capitalism

In our current culture, it’s hip to equate capitalism with greed. The people who associate these terms suggest that the two represent the “American way” — as if they are synonymous. Entire movements and ideologies have grown out of a disdain for capitalism. Whether Communism of the last century, or the Occupy movement in recent years, there is a growing perspective that capitalism is a flawed system, that greed and selfishness are integral to it, and that it must be replaced.

Given that my entire adult life has been involved in capitalistic pursuits and recognizing that many of my friends and clients are engaged in capitalistic ventures, I think it’s important to answer the allegations of many Americans who condemn capitalism, the economic system upon which our nation was founded. To start with though, it’s important to define capitalism.

Capitalism in its most basic definition is simply:

“an economic system characterized by private or corporate ownership of capital goods, by investments that are determined by private decision, and by prices, production, and the distribution of goods that are determined mainly by competition in a free market” versus a planned economy via a central government.

This economic system, berated by many, is the approach that places the individual as the supreme authority over economic ventures, their ownership and the ultimate distribution of their product to a would be customer. In contrast to capitalism is the economic system that elevates the government to the position of authority and the ultimate master of the individual, often referred to as socialism, or in its more radical form, communism.

However, noticeably absent from the definition of capitalism and other forms of economic systems is any reference to greed or selfishness. I would contend that these two human flaws, encountered in the best examples of mankind, are present in all of us. So whether one finds himself working in a capitalistic society or a socialistic one, greed will be present in both.

When individuals berate capitalism as evil and greed-induced or suggest some other negative attribute, they typically point to a company, industry or even an entire society that provides fodder for their argument. I think of the instances just a few years ago when financial behemoths collapsed as a result of the greedy and selfish decisions of their executives. At the same time many of these same executives made out like bandits with their “golden parachute” deals. To compound the calamity, politicians gratuitously bailed out some of these firms on the backs of the American taxpayers.

Just this week I was meeting with a young entrepreneur who recounted the story of how his family’s new start-up company was defrauded out of $100,000 by a national corporation just days before that national company filed for bankruptcy protection. The company ordered the young entrepreneur’s product, knowing all the while that just days later they would seek bankruptcy protection. By then though the product would then be in the company’s possession and the payment for that product would be tied up in the court for months to come. Was greed and malicious intent involved? Without question.

Examples such as the two just cited are undisputed evidence that greed and selfishness often abound within capitalistic endeavors. But here’s the question: Should we impugn the 28 million businesses in America and their owners based on the actions of a number of errant ones?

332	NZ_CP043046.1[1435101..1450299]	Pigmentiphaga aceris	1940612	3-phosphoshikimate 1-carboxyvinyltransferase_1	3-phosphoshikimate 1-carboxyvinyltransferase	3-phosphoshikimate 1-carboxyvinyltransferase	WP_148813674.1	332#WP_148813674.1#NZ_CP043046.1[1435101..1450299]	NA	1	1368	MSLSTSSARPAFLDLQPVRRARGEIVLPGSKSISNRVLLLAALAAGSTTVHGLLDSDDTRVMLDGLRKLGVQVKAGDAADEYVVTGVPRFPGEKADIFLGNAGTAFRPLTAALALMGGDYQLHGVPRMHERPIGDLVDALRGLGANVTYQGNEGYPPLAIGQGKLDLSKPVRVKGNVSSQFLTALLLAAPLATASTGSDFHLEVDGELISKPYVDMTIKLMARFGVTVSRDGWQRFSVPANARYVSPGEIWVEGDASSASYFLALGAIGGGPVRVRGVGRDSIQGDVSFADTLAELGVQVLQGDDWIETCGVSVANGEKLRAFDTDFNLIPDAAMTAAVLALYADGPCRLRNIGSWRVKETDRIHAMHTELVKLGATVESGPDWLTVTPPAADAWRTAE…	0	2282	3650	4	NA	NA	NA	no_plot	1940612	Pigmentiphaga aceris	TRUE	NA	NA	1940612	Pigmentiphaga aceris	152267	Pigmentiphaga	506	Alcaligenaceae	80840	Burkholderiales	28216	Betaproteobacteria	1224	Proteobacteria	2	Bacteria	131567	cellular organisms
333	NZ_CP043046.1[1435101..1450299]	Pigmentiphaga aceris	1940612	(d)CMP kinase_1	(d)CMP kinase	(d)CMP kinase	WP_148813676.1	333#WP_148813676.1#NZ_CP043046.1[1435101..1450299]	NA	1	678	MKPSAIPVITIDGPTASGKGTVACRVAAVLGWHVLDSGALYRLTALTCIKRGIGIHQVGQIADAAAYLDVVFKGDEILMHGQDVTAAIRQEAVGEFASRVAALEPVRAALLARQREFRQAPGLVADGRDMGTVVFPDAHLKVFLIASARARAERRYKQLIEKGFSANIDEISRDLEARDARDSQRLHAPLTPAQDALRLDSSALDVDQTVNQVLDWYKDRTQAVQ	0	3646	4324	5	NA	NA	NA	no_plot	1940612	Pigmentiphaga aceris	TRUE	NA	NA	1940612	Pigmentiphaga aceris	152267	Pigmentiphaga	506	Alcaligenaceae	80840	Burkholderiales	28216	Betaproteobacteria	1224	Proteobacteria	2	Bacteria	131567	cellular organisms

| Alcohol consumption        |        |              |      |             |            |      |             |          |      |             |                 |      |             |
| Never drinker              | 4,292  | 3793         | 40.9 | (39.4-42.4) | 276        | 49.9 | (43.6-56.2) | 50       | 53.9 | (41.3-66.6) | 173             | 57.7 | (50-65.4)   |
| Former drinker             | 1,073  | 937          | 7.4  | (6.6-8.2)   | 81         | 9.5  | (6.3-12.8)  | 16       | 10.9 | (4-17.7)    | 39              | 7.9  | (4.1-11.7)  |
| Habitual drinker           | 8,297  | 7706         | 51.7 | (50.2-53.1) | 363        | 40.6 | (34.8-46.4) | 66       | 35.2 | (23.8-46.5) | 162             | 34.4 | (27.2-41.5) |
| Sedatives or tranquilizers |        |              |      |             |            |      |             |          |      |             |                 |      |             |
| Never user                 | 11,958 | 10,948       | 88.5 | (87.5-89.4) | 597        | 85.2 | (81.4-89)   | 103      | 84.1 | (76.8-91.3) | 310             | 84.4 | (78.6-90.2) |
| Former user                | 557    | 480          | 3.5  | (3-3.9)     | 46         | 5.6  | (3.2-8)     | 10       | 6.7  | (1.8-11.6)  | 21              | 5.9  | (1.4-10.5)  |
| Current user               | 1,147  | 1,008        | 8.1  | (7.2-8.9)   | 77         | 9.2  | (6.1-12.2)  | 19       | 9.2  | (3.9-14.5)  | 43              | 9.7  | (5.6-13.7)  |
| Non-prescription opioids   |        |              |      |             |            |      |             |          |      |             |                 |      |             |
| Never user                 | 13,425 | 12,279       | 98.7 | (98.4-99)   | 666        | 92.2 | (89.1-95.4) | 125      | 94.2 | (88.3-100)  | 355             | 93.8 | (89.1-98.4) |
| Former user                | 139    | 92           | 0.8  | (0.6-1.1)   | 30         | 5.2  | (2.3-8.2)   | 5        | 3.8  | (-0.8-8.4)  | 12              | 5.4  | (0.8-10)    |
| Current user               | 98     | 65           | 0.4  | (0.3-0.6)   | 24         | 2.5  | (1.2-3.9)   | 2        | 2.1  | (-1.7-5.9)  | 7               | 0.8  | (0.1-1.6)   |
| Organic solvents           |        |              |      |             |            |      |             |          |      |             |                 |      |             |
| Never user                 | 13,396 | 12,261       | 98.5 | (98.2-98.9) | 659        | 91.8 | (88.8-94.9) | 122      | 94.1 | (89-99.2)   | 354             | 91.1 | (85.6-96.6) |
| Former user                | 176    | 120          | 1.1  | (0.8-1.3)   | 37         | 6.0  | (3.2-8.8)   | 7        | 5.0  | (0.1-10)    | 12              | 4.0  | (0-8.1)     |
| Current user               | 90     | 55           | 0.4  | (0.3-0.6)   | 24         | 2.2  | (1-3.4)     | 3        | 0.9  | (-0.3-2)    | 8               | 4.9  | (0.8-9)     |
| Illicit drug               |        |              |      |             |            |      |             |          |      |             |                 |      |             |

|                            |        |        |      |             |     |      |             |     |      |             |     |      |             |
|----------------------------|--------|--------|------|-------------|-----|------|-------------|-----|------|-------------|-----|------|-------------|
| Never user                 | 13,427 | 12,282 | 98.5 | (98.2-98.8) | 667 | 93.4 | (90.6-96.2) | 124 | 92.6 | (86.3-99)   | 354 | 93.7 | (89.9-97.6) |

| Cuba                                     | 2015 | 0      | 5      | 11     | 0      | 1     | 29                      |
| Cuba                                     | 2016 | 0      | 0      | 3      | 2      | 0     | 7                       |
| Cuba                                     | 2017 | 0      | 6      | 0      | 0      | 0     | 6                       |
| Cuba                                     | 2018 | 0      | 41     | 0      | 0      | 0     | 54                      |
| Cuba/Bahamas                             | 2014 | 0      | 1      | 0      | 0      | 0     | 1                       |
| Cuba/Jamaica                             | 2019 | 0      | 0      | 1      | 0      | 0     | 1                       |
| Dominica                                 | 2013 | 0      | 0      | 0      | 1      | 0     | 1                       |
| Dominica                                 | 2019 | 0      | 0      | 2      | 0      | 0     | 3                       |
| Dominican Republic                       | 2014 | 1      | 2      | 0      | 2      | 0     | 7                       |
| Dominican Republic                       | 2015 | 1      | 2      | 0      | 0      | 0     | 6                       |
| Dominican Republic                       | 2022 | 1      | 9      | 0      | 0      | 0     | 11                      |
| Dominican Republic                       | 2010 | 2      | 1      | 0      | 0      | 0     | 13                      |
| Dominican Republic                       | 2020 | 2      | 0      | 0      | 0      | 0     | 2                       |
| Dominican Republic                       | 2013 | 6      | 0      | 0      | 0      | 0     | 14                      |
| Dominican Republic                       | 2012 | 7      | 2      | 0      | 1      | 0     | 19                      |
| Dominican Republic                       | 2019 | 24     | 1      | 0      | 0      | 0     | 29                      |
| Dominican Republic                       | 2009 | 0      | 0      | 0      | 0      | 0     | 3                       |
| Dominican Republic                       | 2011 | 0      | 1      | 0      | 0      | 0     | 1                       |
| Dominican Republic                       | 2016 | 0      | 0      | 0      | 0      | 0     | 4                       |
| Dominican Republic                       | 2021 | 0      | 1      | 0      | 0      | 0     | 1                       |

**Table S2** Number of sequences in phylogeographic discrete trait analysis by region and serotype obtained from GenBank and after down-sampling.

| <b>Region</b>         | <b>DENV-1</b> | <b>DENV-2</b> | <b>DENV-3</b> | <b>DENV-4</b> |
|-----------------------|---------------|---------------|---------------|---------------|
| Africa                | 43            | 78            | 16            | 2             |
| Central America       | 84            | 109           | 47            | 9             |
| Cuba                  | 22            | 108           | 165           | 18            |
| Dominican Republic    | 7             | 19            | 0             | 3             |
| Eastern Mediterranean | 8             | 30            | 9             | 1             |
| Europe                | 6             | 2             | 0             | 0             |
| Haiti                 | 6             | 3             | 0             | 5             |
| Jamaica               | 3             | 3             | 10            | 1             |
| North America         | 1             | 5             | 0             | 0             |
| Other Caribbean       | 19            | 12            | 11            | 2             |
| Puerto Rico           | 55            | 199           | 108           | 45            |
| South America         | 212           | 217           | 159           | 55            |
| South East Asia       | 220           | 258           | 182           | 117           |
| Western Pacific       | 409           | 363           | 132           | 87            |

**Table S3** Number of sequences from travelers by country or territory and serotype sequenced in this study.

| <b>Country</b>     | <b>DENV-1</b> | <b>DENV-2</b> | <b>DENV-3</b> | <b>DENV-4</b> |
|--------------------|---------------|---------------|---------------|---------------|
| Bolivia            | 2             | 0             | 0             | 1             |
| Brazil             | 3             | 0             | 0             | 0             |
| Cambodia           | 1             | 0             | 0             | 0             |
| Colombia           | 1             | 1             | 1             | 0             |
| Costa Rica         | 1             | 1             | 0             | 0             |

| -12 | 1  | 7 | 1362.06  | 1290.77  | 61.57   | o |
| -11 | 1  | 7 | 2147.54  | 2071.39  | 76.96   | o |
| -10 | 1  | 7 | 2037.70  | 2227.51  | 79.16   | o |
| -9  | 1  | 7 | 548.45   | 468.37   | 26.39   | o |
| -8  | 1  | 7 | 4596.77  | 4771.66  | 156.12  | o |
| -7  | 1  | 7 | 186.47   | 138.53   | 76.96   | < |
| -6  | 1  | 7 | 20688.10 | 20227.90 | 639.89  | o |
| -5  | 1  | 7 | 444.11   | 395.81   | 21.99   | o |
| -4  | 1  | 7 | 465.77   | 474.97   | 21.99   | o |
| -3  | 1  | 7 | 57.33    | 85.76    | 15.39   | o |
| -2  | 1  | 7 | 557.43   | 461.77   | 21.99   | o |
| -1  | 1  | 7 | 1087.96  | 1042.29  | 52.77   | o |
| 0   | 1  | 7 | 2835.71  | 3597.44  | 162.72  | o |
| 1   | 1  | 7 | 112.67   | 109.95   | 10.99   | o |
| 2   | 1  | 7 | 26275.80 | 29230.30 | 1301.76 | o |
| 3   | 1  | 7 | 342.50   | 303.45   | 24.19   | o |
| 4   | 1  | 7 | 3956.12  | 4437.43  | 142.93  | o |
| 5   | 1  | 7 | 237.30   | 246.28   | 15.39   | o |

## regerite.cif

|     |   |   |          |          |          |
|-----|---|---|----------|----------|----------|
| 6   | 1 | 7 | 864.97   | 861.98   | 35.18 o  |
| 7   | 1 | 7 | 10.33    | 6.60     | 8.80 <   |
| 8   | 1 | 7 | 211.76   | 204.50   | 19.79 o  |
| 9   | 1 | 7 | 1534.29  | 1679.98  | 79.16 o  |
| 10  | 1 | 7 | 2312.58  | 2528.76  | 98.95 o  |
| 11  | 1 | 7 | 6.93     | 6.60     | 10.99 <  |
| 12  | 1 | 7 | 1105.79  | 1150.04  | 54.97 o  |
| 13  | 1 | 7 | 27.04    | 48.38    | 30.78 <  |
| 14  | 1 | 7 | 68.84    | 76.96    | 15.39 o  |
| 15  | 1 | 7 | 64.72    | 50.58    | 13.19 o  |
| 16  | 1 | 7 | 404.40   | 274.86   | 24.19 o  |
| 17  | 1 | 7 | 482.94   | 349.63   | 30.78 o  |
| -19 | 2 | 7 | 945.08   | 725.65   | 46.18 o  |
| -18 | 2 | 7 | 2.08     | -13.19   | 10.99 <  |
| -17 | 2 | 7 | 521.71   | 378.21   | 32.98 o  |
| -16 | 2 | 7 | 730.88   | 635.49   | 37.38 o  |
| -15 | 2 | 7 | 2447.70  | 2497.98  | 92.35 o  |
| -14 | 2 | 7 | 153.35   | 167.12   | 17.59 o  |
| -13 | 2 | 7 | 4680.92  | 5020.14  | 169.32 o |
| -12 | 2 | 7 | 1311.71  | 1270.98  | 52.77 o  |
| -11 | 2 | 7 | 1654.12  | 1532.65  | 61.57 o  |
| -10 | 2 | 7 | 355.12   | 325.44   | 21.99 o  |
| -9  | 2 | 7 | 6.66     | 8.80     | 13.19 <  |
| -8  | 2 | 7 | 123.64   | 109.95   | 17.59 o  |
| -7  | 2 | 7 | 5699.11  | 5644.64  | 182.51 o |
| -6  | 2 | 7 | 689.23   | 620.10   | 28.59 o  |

To partially answer this question let’s apply this same reasoning to another area of our society. Consider for just a moment a family where the father is a workaholic, totally engrossed in his company to the detriment of his family. At the same time, the mother is self-absorbed, interested more in her friends and high society than the needs of her children. The husband may fail to tell his children or wife that he loves them, given his undue focus on his business. When he arrives home from work, he may “kick the cat,” yell at the kids and quickly turn his attention to his overwhelming business projects. Meanwhile, his wife throws some meals in the microwave and heads out for a night of socializing with her friends. Clearly, this husband and wife are failures as parents, with their priorities all amok and their children will sadly suffer as a result. But because this couple fails to exemplify what good parents look like should we denigrate the concept of families and impugn the thousands of parents that are seeking to do it right?

Of course not.

Likewise, when I hear the denigrators of capitalism throw up examples of companies and their CEO’s, whether a few or even dozens, who exemplify “greed gone wild” in their capitalistic endeavors, it ignores the reality that hundreds of thousands of business owners in our nation are genuinely seeking to offer a product or service to meet the needs of their fellow man and in so doing generating an honest profit.

Profit is what enables a business owner to provide for his family, his community, his church and his world. And that profit is enhanced and incentivized via capitalism. So if you are a business owner, by all means check your motives to make sure they are pure. But never, ever shy away from pursuing the dream of building and growing your business enterprise. Each time you sell your product, generate a profit and reinvest that profit into growing your business, you exemplify capitalism, the greatest economic system ever known to man and upon which our nation was founded.

Because of you and millions of other risk-taking entrepreneurs, you continue to preserve at some level the America that our forefathers envisioned and of which one of my favorite US Presidents, Ronald Reagan, referred to as “the last best hope of man on earth…”

Thank you for building your business the American way, via capitalism and free of greed and selfishness.

Mark